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Oxford University Press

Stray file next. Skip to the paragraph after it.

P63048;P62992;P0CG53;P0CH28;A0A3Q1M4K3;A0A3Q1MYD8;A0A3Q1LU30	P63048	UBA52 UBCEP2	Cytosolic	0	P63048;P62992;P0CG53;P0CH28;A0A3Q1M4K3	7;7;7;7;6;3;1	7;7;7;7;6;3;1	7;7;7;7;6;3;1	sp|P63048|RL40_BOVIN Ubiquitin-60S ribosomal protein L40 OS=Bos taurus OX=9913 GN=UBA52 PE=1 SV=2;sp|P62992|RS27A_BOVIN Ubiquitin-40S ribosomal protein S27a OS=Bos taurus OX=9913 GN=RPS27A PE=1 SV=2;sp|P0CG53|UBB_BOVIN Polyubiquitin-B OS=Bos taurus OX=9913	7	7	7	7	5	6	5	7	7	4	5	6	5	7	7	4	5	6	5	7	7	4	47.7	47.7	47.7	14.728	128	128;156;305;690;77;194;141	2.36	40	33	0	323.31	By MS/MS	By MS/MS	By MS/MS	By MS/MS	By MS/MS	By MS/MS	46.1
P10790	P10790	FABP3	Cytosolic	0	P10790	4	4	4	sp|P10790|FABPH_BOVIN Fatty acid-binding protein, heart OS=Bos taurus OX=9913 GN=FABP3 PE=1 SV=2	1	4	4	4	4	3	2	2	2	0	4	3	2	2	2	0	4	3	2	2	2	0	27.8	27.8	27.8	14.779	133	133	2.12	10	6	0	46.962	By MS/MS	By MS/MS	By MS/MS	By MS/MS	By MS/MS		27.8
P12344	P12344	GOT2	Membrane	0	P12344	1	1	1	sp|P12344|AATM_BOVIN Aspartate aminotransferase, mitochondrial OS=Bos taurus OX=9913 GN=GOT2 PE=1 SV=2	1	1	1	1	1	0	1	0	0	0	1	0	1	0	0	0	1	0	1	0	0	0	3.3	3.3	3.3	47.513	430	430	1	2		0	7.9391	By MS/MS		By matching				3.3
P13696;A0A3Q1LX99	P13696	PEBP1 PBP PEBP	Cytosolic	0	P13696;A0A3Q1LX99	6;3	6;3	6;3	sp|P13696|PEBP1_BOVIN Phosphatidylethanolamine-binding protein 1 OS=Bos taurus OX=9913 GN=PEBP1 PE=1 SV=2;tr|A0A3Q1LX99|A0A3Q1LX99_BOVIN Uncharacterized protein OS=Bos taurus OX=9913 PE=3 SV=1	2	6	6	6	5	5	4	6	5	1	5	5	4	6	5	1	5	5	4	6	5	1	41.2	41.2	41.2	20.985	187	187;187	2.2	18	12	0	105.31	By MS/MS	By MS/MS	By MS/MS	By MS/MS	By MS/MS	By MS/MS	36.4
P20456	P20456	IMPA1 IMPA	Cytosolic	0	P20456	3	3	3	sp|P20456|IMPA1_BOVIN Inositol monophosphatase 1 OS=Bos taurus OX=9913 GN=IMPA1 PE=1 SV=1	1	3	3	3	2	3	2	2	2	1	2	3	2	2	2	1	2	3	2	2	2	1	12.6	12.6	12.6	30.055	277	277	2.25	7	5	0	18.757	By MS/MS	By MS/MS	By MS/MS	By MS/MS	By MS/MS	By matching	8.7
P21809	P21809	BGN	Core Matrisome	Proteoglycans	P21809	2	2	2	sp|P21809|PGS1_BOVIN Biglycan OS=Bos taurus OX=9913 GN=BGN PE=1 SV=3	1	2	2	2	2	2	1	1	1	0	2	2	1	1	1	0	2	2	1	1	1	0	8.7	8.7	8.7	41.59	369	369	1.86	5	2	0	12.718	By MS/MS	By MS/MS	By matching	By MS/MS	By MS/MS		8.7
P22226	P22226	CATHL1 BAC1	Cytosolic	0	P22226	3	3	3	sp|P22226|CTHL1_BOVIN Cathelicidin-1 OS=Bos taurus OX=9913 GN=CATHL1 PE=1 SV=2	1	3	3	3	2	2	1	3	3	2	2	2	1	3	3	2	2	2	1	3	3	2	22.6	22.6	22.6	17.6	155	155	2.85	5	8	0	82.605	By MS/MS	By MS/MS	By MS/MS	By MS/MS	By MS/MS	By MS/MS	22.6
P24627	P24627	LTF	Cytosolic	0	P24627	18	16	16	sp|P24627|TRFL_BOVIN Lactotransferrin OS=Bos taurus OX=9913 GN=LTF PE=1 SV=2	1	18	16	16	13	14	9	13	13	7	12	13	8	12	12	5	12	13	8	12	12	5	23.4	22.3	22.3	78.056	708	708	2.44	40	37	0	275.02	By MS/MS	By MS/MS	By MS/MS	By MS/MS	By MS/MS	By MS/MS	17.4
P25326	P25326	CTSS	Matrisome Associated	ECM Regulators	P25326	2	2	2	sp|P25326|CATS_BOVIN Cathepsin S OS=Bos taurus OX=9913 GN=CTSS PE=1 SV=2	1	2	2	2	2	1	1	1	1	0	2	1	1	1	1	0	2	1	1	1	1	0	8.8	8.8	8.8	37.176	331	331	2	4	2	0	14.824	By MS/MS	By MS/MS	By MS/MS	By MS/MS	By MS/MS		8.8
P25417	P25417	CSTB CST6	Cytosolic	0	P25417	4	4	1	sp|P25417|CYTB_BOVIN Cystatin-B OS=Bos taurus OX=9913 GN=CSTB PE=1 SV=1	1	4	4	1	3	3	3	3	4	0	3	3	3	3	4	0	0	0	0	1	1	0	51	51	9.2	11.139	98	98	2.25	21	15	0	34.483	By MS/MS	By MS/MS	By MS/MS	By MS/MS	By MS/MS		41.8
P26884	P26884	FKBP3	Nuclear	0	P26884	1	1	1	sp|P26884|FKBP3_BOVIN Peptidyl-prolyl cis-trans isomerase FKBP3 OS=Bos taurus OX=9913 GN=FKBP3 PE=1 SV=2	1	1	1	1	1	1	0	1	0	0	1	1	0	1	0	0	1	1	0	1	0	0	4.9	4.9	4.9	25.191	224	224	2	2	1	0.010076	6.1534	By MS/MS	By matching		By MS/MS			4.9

It is widely argued that so-called “patent trolls” are corrupting the U.S. patent system and endangering technology innovation and commercialization at large. For example, a recent White House report argued that “trolls” hurt firms of all sizes and advocated for specific policies aimed at curtailing practices thought to be particularly harmful. Yet the existence and extent of any systematic effects of so-called “troll-like” behavior, and the implications of modern patent assertion practices by Non-Practicing Entities (“NPEs”), remains unclear. This article develops novel empirical evidence to inform the debate over NPEs on patent litigation. Specifically, we conduct a large-scale empirical analysis of more than 1,750 patent infringement cases decided by a judge or jury in U.S. district courts between 1995 and 2011. We focus on case outcomes, including findings of validity and infringement, and the distributions and values of resulting damage awards. We find some relatively small differences in terms of lower success rates and award values in cases where the patent holders are NPEs. Yet across the subset of cases in which damages are awarded to the patent holders, we find no significant differences in the distribution of awards between NPEs and practicing entities. Nonetheless, there are substantial differences in litigation behavior, success rates, and award values among types of NPEs (that is, universities, individuals, and Patent Assertion Entities (“PAEs”)). Moreover, we find evidence of certain NPEs engaging in strategic and rational patent acquisition, assertion, and settlement-licensing practices. We posit that these practices may reflect, or perhaps derive from, the economic separation of patent rights from their underlying technologies that is represented in NPE approaches to patent assertion.

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